Hanson: Yeah, the buyback situation is interesting. Obviously, buybacks have been very popular for a number of years now. Some people think these are the largest amounts of buybacks being made in history, though there are a lot of ways to adjust for that. Obviously, I think buybacks are a popular use of capital, but I don't think it's necessarily for the reason why a lot of people think. There's a good research paper that came out at the end of last year called "The Premature Demonization of Stock Repurchases." It's AQR Capital Management, Cliff Asness' shop, put it out. And basically, a lot of people think that repurchases are either one, that means companies are foregoing investment in growth, or two, they're just trying to prop up their stocks or artificially boost earnings per share. I think what the paper shows is, none of that is really true, and maybe the only argument you can make is, in this very low-interest-rate environment, debt financing is cheaper than equity financing, so why would you not take out debt to buy back your stock? You're simply swapping out one more expensive source of financing for another. As long as interest rates remain where they are, there's no reason why that shouldn't continue. It means that, at the end of the day, your financing source is a lot cheaper, so, the company is probably going to end up keeping more of its gains for itself down the line.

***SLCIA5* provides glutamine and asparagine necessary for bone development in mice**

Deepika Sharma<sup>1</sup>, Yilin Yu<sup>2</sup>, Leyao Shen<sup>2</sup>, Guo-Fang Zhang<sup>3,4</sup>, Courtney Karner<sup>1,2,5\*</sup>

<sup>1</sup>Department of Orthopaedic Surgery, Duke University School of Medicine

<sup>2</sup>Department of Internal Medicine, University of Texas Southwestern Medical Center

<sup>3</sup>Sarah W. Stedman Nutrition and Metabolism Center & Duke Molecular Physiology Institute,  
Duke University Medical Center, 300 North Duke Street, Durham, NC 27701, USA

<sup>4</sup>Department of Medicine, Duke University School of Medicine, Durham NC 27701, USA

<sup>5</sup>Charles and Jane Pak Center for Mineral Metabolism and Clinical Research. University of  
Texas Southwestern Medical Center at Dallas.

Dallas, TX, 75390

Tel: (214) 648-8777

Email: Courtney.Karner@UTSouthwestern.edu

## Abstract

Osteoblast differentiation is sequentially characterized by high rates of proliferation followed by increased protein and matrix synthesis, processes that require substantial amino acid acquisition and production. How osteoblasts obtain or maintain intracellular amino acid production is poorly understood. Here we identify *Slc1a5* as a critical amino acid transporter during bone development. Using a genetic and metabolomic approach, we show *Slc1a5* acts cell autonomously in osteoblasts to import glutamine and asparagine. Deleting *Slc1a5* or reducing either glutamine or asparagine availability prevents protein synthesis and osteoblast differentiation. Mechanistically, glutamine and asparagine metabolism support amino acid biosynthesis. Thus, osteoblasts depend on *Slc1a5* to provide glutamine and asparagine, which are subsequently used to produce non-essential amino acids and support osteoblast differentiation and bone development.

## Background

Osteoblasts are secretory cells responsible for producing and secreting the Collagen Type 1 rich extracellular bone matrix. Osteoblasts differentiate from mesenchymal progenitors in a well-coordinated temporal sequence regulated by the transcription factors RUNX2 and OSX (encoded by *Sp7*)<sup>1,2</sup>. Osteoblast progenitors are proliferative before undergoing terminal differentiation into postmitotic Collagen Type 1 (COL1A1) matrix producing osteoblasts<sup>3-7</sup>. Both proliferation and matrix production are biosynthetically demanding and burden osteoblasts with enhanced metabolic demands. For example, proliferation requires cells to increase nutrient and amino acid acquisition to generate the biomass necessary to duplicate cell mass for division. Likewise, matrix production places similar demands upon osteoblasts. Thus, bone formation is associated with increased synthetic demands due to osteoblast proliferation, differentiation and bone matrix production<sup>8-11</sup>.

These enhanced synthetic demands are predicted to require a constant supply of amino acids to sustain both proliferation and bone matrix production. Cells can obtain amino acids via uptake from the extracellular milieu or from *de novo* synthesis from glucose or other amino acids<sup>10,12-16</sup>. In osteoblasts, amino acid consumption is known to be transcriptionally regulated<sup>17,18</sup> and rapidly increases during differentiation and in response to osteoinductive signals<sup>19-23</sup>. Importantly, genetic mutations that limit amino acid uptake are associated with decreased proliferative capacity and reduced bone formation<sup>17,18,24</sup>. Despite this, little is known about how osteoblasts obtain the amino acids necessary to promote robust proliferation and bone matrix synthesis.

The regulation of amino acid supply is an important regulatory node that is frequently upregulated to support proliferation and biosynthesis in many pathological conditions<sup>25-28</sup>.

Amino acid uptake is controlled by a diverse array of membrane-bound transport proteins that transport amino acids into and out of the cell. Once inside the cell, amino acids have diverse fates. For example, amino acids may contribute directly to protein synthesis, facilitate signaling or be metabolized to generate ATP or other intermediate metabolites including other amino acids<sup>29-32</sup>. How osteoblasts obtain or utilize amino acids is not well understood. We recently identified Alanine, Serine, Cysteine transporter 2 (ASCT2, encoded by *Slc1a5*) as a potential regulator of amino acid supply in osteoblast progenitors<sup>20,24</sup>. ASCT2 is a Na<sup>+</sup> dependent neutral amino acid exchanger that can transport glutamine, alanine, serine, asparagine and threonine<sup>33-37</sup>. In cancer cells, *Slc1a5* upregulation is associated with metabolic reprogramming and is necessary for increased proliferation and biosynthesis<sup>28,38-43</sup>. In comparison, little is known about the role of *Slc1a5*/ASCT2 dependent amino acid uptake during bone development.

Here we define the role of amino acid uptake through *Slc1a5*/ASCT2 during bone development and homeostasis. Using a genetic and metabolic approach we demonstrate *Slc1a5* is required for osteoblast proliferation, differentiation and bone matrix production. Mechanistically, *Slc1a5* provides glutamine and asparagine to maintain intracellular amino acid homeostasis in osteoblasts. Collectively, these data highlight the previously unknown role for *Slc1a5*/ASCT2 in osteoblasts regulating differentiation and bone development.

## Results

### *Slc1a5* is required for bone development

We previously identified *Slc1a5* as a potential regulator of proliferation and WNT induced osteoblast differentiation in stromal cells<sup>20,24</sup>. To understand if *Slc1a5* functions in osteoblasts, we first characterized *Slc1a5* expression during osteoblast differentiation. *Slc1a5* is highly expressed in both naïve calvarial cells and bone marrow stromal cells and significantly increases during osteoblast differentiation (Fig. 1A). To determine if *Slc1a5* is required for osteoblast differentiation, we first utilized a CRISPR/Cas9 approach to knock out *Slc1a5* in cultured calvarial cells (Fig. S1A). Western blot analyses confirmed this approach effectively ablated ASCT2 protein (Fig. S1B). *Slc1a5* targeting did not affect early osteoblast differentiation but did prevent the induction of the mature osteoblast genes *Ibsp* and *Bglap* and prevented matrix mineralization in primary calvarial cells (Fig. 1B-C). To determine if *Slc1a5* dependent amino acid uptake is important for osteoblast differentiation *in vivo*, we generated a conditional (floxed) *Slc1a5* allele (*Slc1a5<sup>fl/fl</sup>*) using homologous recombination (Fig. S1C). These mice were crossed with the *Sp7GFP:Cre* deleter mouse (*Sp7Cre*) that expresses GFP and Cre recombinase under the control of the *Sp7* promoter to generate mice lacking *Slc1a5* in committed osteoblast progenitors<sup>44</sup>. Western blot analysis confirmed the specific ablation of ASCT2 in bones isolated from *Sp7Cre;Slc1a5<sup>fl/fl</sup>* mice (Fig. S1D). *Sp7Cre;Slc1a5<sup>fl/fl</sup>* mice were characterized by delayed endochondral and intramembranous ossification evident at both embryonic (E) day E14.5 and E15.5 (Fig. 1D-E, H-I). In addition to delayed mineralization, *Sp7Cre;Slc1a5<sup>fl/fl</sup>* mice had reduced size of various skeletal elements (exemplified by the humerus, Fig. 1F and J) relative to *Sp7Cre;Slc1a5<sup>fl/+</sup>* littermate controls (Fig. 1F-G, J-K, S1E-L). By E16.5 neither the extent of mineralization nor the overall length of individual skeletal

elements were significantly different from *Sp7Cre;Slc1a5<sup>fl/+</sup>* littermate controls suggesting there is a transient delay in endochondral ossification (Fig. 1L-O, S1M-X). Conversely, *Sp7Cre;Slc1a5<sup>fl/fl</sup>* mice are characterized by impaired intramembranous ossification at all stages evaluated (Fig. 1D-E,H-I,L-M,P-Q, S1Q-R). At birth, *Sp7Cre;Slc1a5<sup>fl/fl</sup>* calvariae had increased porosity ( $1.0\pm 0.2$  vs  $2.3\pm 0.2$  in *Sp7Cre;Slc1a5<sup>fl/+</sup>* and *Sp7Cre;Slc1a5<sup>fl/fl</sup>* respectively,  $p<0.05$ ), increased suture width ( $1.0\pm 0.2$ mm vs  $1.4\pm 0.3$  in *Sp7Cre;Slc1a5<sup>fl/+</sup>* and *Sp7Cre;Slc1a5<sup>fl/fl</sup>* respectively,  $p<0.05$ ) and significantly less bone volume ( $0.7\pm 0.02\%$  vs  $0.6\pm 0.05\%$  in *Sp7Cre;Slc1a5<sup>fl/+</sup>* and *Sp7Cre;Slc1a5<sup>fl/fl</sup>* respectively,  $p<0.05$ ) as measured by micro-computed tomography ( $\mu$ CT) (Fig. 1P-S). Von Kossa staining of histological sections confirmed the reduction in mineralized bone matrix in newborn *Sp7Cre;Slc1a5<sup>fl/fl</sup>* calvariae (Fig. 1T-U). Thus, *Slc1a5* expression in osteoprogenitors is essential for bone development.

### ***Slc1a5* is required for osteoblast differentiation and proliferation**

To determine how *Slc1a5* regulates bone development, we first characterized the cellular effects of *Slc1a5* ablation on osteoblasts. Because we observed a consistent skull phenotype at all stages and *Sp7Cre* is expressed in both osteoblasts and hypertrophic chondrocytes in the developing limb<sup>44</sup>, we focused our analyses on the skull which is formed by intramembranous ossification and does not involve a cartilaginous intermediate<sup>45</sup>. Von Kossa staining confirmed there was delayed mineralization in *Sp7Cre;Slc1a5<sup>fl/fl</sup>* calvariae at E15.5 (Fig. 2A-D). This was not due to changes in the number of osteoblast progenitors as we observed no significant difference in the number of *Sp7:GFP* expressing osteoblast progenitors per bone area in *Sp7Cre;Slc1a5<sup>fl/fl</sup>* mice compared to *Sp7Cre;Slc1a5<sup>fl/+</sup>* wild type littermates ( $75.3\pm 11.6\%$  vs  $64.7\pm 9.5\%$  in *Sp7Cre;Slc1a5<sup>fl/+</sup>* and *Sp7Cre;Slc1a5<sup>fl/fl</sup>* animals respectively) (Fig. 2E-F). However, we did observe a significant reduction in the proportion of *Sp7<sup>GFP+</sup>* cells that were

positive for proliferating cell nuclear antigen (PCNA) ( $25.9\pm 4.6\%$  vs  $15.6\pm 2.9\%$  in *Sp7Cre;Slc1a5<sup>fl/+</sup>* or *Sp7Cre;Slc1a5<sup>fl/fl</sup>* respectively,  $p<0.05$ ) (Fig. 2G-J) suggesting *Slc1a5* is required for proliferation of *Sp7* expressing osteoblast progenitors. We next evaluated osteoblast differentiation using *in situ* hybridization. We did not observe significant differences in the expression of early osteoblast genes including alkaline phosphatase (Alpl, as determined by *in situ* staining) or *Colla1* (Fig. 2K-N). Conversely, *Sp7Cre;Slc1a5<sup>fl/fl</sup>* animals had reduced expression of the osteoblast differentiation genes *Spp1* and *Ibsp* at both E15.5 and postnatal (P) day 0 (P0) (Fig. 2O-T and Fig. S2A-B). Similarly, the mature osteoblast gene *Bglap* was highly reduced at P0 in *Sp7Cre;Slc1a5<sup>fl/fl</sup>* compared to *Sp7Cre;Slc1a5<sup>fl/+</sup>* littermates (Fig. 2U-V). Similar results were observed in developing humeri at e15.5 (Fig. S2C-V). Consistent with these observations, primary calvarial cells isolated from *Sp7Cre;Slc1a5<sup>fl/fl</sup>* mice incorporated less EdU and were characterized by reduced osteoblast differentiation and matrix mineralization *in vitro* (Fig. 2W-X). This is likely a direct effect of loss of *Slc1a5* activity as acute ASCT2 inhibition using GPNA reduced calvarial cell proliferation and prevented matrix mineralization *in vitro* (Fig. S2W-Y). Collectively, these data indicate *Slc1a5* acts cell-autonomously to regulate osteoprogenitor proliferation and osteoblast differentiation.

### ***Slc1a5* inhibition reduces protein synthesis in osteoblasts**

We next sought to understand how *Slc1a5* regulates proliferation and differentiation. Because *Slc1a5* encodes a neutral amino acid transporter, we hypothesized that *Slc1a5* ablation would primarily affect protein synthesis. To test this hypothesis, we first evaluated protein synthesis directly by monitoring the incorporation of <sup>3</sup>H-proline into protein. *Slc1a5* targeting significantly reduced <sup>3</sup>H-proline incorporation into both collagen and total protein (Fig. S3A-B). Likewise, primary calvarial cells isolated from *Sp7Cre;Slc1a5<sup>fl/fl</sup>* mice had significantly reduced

Hill: Our email address is firstname.lastname@example.org. From Michael Thomas in San Francisco, "Just letting you guys know that I'm a big fan. I listen almost every day. But I was on a car ride with a friend the other day and put the show on. Halfway through, he woke up from a nap and asked what we were listening to. I told him it was Market Foolery, an investing podcast that I like, and I offered to turn it off, but he said he was looking for something like that and we let it play. We then listened to Chris and Bill Barker talk about silver nests and balls of yarn for 10 minutes. I don't think I succeeded in turning my friend into a Fool. Keep up the good work."